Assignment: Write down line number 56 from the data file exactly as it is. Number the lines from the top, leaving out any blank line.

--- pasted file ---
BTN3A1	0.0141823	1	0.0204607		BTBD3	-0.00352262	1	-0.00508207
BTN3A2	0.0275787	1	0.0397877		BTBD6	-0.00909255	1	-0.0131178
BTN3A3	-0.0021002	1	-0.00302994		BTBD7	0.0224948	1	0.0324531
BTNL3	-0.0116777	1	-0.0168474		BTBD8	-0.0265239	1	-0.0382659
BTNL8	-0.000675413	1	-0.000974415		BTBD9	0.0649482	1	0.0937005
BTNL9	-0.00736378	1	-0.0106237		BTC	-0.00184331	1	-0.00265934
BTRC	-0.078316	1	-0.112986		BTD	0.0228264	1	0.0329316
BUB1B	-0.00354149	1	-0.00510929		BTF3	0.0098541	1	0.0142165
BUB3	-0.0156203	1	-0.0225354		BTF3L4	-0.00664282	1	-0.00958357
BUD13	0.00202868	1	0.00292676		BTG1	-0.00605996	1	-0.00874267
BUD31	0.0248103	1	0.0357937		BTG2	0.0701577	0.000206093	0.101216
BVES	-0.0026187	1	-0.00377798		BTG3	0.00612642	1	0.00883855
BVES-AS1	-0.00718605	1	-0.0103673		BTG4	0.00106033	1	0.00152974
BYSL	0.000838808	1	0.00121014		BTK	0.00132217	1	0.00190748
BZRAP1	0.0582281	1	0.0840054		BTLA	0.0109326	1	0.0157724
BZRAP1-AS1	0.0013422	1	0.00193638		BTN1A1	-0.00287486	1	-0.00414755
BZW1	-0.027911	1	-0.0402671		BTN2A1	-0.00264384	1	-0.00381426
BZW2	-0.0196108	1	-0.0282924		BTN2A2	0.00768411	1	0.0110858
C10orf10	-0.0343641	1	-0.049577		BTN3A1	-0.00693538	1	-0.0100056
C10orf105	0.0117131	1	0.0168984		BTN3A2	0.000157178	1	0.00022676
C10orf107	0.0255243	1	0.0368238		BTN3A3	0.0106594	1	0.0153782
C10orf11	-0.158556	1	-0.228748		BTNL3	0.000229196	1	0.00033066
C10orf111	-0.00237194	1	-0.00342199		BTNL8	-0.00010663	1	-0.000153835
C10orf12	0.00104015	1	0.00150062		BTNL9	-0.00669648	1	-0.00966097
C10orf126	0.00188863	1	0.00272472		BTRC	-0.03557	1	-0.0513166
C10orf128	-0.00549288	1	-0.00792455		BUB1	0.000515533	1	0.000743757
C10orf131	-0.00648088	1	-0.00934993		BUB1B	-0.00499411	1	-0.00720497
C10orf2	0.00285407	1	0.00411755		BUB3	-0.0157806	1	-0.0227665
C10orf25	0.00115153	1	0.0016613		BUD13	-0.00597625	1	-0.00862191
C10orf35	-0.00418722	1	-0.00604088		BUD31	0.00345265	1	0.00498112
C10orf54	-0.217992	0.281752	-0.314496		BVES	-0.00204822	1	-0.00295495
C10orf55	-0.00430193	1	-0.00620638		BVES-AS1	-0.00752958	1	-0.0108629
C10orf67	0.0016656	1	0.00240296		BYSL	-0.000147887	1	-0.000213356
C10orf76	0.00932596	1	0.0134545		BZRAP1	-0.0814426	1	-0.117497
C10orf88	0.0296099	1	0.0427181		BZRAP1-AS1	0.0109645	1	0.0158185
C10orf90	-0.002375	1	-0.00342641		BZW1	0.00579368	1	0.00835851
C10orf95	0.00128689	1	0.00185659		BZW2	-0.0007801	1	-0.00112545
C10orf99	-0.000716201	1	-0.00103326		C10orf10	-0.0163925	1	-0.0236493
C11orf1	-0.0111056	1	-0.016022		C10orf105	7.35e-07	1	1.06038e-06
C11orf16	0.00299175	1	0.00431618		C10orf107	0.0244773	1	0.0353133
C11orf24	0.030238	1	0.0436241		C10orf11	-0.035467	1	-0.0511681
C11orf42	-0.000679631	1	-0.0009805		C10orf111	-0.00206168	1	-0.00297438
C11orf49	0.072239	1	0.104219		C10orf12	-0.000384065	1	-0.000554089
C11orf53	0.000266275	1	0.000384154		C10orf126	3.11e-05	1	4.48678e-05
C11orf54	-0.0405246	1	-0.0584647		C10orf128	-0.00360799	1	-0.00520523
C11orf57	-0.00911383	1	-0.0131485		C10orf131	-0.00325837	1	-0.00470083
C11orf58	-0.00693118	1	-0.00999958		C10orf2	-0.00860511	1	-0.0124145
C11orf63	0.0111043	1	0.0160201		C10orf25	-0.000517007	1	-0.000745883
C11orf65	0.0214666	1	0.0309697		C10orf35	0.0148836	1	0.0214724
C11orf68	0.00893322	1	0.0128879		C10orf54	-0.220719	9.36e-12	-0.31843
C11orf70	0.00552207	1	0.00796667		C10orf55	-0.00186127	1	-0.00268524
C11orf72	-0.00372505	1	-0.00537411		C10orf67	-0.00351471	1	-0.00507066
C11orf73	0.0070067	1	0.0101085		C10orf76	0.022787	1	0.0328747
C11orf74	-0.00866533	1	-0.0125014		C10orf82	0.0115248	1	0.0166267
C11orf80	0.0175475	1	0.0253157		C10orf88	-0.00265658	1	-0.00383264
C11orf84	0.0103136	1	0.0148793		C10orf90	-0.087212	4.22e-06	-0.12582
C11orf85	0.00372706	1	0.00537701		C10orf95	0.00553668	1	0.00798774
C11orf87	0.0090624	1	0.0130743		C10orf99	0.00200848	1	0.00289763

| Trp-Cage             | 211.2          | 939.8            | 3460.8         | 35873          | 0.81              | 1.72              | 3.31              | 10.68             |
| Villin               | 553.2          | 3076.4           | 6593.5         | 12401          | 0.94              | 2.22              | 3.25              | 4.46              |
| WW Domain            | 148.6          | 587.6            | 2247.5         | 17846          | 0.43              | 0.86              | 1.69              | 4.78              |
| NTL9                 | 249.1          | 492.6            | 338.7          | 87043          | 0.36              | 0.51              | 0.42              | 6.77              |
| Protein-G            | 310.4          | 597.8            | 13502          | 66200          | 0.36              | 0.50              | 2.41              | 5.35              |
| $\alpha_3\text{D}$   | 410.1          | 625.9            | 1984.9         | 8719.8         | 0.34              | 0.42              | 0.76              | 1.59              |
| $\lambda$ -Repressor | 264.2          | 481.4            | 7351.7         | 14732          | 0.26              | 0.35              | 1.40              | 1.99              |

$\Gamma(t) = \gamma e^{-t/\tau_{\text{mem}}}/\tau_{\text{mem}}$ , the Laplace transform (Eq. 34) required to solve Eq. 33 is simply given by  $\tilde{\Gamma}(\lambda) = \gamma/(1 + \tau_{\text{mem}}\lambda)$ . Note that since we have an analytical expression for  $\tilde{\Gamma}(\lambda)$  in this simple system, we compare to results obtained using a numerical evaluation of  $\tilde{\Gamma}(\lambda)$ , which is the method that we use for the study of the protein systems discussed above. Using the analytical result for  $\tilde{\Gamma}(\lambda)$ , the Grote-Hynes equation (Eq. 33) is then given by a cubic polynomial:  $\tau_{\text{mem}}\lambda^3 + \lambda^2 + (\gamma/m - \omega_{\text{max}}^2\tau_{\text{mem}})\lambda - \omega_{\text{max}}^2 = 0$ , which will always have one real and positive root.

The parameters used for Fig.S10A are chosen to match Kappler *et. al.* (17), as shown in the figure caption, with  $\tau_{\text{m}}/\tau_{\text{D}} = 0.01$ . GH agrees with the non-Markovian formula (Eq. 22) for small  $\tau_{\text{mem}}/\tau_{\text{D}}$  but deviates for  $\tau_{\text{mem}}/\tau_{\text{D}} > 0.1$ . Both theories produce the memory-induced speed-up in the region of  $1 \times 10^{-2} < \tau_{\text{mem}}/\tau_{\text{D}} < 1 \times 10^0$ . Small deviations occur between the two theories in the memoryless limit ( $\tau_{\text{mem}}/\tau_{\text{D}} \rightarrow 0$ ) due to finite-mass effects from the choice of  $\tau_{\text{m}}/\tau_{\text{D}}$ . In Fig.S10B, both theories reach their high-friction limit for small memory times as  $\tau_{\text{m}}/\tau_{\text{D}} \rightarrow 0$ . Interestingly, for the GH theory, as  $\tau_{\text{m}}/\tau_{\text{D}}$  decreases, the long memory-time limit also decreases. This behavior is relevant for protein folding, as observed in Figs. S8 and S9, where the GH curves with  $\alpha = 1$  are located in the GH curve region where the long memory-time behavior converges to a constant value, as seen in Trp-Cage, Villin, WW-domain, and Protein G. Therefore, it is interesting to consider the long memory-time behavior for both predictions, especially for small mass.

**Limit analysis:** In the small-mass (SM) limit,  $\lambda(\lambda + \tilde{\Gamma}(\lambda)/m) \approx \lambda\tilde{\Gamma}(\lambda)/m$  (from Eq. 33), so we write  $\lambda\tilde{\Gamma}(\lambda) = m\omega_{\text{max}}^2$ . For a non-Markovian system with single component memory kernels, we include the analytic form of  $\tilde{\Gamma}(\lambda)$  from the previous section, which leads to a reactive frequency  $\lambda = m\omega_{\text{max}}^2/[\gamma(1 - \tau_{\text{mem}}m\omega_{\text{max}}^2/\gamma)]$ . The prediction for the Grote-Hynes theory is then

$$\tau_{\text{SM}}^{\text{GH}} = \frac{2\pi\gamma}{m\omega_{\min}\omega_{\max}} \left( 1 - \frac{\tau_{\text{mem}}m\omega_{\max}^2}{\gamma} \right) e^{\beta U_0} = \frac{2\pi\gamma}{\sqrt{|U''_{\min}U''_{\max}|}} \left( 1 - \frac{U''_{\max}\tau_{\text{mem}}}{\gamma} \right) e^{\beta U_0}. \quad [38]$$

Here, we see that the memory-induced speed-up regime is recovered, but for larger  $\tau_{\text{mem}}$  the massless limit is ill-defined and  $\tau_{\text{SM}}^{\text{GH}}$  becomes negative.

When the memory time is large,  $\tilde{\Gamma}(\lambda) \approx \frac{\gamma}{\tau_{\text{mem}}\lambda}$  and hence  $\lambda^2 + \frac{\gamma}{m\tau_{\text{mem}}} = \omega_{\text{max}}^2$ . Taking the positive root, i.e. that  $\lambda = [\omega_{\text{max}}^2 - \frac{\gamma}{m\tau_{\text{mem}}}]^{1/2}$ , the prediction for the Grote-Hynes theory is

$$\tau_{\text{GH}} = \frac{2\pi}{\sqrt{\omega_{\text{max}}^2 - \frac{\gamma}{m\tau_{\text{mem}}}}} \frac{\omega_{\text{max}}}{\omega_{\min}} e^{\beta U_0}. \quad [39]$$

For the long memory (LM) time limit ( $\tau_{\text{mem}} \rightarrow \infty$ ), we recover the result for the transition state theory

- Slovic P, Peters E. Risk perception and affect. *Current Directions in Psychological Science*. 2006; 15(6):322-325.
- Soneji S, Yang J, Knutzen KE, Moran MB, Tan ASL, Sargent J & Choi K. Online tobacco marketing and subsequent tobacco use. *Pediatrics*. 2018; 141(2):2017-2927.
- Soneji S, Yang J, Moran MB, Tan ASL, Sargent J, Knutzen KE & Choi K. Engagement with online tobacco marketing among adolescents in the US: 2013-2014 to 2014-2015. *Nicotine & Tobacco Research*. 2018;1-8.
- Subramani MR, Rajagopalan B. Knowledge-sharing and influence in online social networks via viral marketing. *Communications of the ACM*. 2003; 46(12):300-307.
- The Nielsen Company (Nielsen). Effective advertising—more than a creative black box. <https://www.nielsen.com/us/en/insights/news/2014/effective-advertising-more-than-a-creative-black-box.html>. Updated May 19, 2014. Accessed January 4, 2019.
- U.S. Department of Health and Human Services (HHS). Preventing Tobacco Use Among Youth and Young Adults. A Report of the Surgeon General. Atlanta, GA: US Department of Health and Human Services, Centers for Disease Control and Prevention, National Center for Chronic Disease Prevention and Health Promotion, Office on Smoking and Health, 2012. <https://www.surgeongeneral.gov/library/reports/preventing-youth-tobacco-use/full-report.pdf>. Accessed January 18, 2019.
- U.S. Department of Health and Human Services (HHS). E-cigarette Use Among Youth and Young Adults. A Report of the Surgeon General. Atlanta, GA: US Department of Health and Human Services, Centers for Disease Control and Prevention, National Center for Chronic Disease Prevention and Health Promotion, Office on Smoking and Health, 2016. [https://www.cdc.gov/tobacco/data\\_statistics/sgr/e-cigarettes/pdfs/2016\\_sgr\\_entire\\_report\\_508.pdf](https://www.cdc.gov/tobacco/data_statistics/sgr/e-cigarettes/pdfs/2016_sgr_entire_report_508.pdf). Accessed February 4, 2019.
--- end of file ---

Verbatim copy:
C11orf84	0.0103136	1	0.0148793		C10orf90	-0.087212	4.22e-06	-0.12582